Faster RPMs Produce Faster Turnaround


Facebook Share Icon LinkedIn Share Icon Twitter Share Icon Share by EMail icon Print Icon

When running a metalworking shop, it’s common to have to adjust machining processes to accommodate customers’ demands. Michigan Precision Swiss (St. Clair, Mich.) did just that when the company realized it needed a faster, more productive method of manufacturing small parts on its CNC Swiss machines. With the help of NSK spindles, the company was able to save 12 seconds per part, which resulted in hundreds of saved machining hours.

The company knew something must be done when new projects it was bidding on were taking too long to complete and bell mouthing and burrs were occurring. The solution was to increase the spindle RPM on the machines being used. “With small diameters like what we produce, it’s critical to eliminate burrs to create cleaner IDs,” says David Murphy, president.

Michigan Precision Swiss is a Swiss-type screw machining facility that specializes in fuel system components. The shop started out using air spindles in Tornos Deco 10A CNC Swiss-types to drill a 1-mm hole in brass. The air spindles were rated at 18,000 rpm, but when any aggressive type of feed was used, the spindles lost rpm, and the drills produced bell mouthed holes. Bell mouthing occurred because the drill was not drilling, but instead being pushed into the hole and deflecting at the mouth of the hole, making it larger than the bore.

The drill was also putting pressure on the 0.187-diameter part that caused the part to deflect or push away, also affecting accuracy. At that time, the shop’s only way to overcome this problem was to use a steady rest on the part and reduce the feed rate until the pressure causing the bell mouthing subsided.

Knowing there had to be a better, more efficient way to produce these parts, Dave Gordon and Scott Kriesch, the company’s CNC supervisors, reviewed information they received from PMTS 2009 about the NSK high speed electric EM20-S6000 spindle. NSK Regional Manager Ron Chambers ran a demo at the shop using the EM20 at 48,000 rpm, the customer’s drill and no steady rest to support the part.

The carbide drill initially used with the 18,000-rpm air spindle was replaced after three shifts because of premature wear and dulling. However, using the EM20 spindle, the company was able to get 40 days or more out of each drill because the machine was now drilling instead of wearing out the hole. The operators also were able to remove the steady rest because the part was no longer being pushed.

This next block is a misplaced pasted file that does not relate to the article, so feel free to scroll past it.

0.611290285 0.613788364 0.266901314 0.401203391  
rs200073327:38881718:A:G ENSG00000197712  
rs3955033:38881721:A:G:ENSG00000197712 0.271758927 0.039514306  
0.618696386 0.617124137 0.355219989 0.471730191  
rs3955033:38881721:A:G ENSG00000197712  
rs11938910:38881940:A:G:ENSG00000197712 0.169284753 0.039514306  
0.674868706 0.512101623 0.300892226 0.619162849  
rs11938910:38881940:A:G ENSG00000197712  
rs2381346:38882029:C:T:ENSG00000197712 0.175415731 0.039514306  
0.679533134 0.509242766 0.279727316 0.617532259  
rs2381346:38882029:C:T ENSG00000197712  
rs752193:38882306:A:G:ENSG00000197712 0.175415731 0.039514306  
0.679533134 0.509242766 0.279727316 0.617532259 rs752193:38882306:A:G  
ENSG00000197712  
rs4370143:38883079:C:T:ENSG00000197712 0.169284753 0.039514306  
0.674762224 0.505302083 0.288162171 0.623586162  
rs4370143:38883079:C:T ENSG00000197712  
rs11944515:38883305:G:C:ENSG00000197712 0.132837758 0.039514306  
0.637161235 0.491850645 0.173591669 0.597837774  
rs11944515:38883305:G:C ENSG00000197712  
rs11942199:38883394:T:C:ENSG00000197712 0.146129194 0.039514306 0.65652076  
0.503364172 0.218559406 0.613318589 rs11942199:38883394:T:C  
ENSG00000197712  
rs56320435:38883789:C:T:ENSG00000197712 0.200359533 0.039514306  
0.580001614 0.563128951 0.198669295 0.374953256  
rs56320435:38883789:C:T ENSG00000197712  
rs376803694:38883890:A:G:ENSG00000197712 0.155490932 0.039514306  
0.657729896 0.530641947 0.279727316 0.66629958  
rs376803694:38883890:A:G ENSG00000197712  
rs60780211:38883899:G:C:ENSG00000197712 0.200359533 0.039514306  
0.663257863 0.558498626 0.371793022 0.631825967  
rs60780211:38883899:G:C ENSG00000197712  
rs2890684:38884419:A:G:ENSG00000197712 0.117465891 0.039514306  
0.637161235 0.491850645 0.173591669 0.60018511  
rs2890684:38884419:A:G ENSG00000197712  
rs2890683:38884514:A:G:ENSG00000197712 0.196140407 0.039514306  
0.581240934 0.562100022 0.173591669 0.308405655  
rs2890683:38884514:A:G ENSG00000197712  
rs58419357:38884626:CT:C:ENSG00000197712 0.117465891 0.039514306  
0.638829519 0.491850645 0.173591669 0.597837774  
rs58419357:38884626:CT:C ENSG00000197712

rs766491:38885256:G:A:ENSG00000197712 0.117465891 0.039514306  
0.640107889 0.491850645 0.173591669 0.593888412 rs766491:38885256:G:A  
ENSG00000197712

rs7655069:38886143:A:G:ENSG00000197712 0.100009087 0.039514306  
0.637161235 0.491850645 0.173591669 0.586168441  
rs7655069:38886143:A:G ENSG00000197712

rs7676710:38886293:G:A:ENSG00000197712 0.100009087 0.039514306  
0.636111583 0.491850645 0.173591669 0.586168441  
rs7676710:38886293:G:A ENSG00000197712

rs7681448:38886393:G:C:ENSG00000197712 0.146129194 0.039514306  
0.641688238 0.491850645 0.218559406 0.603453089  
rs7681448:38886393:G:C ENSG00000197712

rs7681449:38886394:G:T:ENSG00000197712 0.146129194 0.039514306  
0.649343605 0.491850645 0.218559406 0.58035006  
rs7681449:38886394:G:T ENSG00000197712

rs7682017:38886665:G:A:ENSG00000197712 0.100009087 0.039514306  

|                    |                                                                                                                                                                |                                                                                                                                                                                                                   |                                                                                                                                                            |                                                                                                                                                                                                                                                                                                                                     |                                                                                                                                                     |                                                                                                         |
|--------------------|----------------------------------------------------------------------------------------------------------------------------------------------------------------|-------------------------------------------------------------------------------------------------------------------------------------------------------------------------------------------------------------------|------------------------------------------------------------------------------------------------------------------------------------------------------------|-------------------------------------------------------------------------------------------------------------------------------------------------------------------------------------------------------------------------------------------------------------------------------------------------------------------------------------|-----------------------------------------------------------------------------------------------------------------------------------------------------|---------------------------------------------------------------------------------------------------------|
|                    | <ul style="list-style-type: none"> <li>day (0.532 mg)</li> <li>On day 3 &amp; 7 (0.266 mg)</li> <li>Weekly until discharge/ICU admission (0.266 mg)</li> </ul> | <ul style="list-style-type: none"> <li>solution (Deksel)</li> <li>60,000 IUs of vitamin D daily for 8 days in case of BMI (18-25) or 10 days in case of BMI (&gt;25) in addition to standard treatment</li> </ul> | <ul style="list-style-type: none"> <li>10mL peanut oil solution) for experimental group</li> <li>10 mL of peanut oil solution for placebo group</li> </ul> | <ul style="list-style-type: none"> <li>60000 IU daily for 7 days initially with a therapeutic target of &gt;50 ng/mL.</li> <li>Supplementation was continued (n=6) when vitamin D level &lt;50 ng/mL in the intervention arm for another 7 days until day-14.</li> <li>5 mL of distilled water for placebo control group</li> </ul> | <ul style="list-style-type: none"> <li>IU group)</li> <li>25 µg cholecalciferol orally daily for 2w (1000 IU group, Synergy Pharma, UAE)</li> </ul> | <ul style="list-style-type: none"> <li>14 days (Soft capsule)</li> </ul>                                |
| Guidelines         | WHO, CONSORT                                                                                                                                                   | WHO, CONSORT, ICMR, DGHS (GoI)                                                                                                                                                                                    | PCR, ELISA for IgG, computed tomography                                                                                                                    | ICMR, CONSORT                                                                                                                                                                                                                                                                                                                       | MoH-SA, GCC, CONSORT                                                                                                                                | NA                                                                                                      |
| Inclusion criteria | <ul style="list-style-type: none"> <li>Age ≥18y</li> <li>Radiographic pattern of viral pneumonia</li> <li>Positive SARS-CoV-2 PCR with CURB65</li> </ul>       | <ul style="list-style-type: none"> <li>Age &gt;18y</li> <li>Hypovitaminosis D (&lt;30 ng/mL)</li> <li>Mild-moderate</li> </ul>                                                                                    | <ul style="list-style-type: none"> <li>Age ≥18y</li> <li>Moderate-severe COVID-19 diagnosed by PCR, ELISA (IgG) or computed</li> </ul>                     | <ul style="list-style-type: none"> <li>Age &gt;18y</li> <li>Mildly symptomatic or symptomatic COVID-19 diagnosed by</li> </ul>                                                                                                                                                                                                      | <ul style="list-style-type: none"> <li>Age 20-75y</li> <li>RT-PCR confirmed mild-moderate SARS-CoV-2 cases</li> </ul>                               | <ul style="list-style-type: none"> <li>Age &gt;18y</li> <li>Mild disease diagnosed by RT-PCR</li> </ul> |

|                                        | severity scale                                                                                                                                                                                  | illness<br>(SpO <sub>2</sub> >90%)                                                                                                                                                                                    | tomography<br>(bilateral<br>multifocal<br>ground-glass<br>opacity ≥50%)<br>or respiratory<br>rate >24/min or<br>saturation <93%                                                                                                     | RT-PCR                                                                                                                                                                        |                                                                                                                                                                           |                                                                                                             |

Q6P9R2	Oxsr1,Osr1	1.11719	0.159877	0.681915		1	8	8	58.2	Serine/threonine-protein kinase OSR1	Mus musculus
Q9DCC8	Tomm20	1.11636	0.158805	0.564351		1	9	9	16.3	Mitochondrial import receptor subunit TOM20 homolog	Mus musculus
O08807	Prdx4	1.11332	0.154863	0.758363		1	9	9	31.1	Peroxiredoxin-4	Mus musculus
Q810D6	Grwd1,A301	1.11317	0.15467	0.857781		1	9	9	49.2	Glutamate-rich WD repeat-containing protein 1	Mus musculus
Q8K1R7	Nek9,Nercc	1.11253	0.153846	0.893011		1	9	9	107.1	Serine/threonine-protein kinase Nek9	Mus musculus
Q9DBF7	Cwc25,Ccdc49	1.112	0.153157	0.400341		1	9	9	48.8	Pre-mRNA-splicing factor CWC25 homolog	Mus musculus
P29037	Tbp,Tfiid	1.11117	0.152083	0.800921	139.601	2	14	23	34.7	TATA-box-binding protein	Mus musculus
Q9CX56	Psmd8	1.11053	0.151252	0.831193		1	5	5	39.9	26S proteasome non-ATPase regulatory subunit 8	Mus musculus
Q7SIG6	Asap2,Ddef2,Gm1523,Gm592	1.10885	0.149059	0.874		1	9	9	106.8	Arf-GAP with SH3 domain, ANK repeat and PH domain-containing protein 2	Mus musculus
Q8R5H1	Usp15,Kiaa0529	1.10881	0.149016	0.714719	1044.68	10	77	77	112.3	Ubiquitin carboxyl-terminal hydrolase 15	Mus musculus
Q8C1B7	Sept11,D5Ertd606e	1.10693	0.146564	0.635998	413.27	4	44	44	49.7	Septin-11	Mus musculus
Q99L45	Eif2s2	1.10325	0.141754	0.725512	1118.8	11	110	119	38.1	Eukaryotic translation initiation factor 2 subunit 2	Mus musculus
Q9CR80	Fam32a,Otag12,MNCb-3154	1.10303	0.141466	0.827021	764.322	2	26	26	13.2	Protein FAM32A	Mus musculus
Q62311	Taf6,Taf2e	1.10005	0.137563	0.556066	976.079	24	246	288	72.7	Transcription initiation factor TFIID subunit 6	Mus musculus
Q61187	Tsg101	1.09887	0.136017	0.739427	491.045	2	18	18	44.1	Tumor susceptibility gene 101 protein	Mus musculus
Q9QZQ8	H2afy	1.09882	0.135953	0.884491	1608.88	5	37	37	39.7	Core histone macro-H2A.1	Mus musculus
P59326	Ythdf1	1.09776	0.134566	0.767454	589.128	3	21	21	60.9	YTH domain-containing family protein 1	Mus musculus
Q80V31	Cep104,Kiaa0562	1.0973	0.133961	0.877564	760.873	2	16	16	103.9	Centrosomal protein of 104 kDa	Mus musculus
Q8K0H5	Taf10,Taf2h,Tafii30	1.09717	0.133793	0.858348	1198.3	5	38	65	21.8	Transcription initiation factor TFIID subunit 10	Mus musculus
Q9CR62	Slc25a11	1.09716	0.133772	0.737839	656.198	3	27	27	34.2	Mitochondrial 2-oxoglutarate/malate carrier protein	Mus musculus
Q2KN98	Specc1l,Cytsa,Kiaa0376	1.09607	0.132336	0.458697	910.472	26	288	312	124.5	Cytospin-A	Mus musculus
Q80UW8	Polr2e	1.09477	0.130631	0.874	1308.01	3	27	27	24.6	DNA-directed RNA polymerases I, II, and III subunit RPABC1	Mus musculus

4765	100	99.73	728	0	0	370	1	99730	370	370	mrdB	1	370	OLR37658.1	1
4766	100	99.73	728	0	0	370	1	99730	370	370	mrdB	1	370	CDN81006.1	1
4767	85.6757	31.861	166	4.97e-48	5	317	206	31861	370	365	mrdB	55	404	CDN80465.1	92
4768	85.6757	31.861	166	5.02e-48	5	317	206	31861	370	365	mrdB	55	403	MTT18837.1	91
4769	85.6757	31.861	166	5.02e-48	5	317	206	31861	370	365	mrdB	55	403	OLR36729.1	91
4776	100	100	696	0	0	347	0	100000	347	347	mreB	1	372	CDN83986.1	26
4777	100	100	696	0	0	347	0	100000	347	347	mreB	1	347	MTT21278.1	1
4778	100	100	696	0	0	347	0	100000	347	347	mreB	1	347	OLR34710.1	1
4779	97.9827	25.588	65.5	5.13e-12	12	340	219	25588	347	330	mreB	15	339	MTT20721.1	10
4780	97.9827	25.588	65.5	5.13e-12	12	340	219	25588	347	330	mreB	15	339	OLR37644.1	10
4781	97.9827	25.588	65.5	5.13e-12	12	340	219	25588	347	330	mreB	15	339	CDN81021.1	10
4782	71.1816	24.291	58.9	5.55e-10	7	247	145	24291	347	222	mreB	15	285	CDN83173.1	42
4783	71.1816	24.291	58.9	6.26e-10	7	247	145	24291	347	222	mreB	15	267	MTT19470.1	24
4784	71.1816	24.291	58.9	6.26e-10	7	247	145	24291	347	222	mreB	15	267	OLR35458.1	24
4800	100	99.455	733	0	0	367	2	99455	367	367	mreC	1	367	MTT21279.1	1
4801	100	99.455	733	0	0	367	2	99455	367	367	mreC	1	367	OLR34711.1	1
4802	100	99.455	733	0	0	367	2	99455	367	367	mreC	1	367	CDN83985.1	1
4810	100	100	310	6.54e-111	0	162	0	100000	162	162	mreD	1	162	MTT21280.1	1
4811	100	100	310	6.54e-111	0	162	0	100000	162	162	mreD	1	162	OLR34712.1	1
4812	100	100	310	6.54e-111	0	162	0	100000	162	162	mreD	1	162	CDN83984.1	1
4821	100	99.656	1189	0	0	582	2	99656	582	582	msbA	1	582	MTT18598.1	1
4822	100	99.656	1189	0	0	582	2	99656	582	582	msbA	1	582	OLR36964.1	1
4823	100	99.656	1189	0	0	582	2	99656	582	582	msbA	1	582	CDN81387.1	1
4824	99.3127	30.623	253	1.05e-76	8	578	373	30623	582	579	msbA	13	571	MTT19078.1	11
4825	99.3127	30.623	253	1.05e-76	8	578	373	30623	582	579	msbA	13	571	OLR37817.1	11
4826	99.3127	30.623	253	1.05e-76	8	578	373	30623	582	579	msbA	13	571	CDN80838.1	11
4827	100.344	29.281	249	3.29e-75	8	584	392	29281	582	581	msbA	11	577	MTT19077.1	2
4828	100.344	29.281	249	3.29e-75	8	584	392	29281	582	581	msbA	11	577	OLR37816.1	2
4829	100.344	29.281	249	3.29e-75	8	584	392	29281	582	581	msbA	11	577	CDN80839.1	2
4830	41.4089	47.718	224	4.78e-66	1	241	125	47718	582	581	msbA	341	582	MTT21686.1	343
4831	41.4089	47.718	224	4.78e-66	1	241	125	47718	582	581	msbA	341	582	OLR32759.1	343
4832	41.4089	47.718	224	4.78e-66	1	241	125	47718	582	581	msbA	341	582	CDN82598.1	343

According to Mr. Chambers, conventional speeds on screw machines are inadequate to properly machine with small micro tooling. “When using a tool with a diameter of 2.0 mm or less, speeds of well over 10,000 rpm are required,” he explains. “Insufficient speed will greatly decrease tool life, extend machining cycle time and offer poor surface finishes as well as bell mouthing.”

Using high speed spindles allows the customer more freedom in the manufacturing process by using high speeds to cut and not rub the material, Mr. Chambers continues. “There is less pushing of the part, and the incredible spindle accuracy of 1 µm is unmatchable. High speeds allow the user to increase the machine feed rate, which equals dollars saved in manufacturing time at the spindle.”

Four Deco 10As were retrofitted as a result of the successful demo run. “Our technicians, primarily Scott Kriesch, know the ins and outs of the Decos, so we were able to retrofit in-house,” Mr. Murphy says. “Once you do one, it gets easier. The first machine was down for two shifts, as we converted the machines over, but the last one was down for only a matter of hours.”

The results of the spindle implementation allowed Michigan Precision Swiss to save 12 seconds per part or 1,600,000 seconds per job run. With this savings, the company is now processing new jobs using the faster machining techniques made possible by the new high speed spindles. Mr. Murphy says he foresees using the high speed spindles for other applications that require accurate, small holes.


  • Understanding CNC Collet Chucks

    Workholding for turning is usually fairly basic: The selection comes down to chucks or collets. This article looks at when to consider the collet chuck and what kind might be best for a given application.

  • Trends in Swiss Machining

    This Florida medical manufacturer is an expert in the production of complex medical parts on CNC Swiss machines. Their job shop has evolved from 18 to 135 employees by efficient production of small, difficult parts for the demanding medical industry. And moving forward, the shop’s co-founder only sees better things ahead.

  • Concrete Reasoning On Swiss Turning

    This tech brief discusses the application of polymer concrete as a machine base material for precision Swiss turning.